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Trends: Ultra HD is about better pixels, not just more

21 Jan 2015 | Rasmus Larsen |

We are back from CES 2015 and in a series of articles we will take a look at the trends that will shape the TV market in 2015 and beyond. This time we take a look at Ultra HD and where it will take us after introducing us to more pixels in 2014. In 2015, the industry will take the first baby steps towards "better pixels".

Trends: In 2015 software will eat TVs
Trends: curve, quantum dot, OLED, 3D & total confusion

Better pixels comes after more pixels

2014 was the year where many consumers started recognizing the words "Ultra HD". Sales of the TVs are still low, but momentum for Ultra HD is building as the natural step after Full HD. In 2015, you will be able to pick up Ultra HD TVs at attractive prices from the 6 series models and up, and TV manufacturers expect booming sales.

Sony X90C at CES 2015

As you know, most technologies are introduced in high-end products and then gradually trickle down into cheaper products. When a technology hits the mid-range segment, the industry is already looking for the next thing. In 2015, that thing will be HDR (high dynamic range) that will give us deeper and more nuanced tones in dark areas and much brighter highlights. If HDR is to succeed, it will require studios to grade movies in this manner and getting TVs to reproduce it, so that is what they intend to do. HDR will be exclusive to the most expensive TV in 2015, but the industry has already begun talking about "better pixels", not just more pixels.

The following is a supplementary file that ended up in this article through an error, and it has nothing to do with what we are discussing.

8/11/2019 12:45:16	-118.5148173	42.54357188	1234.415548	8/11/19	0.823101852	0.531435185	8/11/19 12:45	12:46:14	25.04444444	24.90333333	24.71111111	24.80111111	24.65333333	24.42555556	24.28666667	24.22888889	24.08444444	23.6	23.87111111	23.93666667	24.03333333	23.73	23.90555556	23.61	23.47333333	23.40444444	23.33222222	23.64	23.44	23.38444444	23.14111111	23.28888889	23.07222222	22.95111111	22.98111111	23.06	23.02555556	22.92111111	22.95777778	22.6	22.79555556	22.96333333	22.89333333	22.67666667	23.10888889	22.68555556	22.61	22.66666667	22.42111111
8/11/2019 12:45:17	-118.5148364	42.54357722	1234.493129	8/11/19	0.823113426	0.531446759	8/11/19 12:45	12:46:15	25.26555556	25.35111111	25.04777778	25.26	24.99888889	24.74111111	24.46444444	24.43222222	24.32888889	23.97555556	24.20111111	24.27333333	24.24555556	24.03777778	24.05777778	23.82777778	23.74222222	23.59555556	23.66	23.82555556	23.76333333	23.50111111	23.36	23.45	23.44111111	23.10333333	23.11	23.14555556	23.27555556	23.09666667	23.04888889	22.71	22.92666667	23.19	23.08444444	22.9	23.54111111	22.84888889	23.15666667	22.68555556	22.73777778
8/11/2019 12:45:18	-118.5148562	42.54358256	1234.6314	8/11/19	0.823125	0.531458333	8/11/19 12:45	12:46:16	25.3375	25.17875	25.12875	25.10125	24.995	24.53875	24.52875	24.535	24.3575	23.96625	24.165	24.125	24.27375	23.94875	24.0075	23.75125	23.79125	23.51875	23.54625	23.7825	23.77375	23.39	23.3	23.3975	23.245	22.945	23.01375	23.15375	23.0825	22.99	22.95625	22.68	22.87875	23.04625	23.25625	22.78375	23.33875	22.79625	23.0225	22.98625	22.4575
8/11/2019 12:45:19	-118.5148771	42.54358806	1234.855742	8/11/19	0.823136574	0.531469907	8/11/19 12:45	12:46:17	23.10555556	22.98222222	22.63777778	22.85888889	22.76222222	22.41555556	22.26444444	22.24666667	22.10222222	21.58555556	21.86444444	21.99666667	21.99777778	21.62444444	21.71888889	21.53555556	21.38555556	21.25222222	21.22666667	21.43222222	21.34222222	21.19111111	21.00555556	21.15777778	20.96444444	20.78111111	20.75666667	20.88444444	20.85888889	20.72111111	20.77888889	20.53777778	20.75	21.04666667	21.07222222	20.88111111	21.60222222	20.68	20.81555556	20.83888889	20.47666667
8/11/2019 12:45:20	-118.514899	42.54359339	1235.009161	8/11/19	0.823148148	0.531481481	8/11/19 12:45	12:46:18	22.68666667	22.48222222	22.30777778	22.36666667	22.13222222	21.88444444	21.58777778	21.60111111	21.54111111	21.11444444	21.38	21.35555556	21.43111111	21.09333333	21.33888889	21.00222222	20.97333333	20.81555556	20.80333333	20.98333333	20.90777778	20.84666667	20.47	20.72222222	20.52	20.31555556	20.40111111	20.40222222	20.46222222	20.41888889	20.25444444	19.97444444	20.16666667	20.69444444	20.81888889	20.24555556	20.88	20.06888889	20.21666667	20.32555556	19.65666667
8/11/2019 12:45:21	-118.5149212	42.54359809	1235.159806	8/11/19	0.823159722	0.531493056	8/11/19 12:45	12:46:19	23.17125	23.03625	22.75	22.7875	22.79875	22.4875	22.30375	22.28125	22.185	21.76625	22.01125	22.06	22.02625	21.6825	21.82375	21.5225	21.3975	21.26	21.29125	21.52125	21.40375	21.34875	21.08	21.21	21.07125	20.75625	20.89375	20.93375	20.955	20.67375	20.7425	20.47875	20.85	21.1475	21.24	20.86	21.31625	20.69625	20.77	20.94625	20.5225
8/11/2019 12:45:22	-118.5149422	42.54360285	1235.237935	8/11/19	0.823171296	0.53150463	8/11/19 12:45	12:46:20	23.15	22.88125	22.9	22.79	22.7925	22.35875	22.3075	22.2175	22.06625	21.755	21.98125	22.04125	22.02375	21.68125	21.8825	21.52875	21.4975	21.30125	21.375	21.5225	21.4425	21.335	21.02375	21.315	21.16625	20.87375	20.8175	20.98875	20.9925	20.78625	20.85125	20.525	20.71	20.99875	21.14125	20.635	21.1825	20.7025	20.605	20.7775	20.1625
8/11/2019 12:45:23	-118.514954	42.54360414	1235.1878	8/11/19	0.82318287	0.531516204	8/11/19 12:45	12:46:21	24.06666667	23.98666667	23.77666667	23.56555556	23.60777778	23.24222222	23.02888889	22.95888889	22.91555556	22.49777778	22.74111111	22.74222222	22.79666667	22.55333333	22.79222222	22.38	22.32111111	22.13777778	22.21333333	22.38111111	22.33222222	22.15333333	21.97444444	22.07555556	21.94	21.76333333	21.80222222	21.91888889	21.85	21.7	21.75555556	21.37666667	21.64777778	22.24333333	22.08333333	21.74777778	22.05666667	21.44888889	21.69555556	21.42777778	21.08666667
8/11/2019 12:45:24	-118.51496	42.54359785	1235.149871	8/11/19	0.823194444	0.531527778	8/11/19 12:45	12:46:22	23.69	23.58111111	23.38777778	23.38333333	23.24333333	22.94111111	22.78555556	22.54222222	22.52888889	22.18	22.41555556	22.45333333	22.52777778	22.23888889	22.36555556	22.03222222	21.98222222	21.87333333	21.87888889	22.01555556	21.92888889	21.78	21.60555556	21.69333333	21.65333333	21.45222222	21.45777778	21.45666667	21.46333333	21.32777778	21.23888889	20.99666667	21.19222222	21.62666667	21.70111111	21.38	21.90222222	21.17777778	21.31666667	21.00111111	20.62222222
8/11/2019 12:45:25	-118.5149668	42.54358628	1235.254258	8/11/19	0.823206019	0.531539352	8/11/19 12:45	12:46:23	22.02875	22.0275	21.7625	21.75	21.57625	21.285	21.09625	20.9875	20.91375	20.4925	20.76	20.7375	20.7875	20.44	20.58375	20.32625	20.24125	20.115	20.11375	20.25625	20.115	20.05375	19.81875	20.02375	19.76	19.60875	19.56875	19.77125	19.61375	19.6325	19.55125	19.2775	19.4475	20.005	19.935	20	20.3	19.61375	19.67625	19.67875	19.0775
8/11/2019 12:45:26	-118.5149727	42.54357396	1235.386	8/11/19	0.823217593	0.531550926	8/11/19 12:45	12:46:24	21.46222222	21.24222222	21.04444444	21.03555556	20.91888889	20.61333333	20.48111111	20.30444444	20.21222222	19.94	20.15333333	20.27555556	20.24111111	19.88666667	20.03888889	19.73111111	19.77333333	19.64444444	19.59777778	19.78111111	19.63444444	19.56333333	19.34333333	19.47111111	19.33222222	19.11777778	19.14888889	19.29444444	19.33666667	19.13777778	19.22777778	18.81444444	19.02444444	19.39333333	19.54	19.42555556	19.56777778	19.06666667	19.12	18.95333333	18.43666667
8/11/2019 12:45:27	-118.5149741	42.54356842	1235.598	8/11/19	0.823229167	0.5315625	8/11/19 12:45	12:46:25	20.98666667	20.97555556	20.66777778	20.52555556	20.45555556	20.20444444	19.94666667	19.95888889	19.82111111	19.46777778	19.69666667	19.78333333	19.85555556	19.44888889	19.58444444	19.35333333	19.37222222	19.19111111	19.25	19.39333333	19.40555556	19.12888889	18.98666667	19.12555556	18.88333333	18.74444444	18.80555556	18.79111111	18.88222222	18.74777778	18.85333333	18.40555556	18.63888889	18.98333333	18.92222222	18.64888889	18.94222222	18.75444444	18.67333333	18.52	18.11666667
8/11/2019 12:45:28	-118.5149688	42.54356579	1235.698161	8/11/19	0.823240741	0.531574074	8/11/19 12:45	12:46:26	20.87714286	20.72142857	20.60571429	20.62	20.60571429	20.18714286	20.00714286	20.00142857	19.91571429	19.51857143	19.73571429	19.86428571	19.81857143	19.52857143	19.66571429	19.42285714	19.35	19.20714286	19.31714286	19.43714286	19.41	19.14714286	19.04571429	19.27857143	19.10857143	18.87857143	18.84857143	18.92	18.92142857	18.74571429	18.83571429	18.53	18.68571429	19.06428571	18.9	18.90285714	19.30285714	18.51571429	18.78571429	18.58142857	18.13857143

As consumers, we always ask the question of whether a new buzzword has any real substance, and luckily HDR has. We felt genuine enthusiasm around HDR among industry players, and Netflix believes that HDR will be a more significant improvement to the viewing experience than 4K resolution. 4K increased the number of pixels to four times that of 1080p (Full HD), but did nothing else.

And so, 2015 will mark the year where HDR content starts appearing in living room TVs, possibly even together with a wider DCI color space. The plan for the future is to start adding better pixels to Ultra HD, and getting every link in the food chain involved in that goal. After HDR, the industry is planning to move to larger color spaces and HFR (high frame rate), which Peter Jackson introduced to most cinema-goers with The Hobbit movies.

The overview can be roughly summarized as follows:
  • 2014: More pixels with 4K Ultra HD
  • 2015: Better pixels with HDR (high dynamic range)
  • 2016 and beyond -> Larger color spaces, HFR (high frame rate), and 8K

    HDR is still new and not everyone in the industry is agreeing on how to move forward, but based on our experiences at CES 2015 it is a bigger picture quality improvement than you might think – at least when done right. Dolby Vision – shown below – is one of the new HDR formats. Right now, the industry seems to be moving forward with two HDR standards.

    Dolby Vision is

    Again; where is the content?

    But where will the content come from? Some TV manufacturers are trying to sell us a story of the wonders of upscaling from HD to 4K, but the story it is as thin and interesting as a black sheet of paper.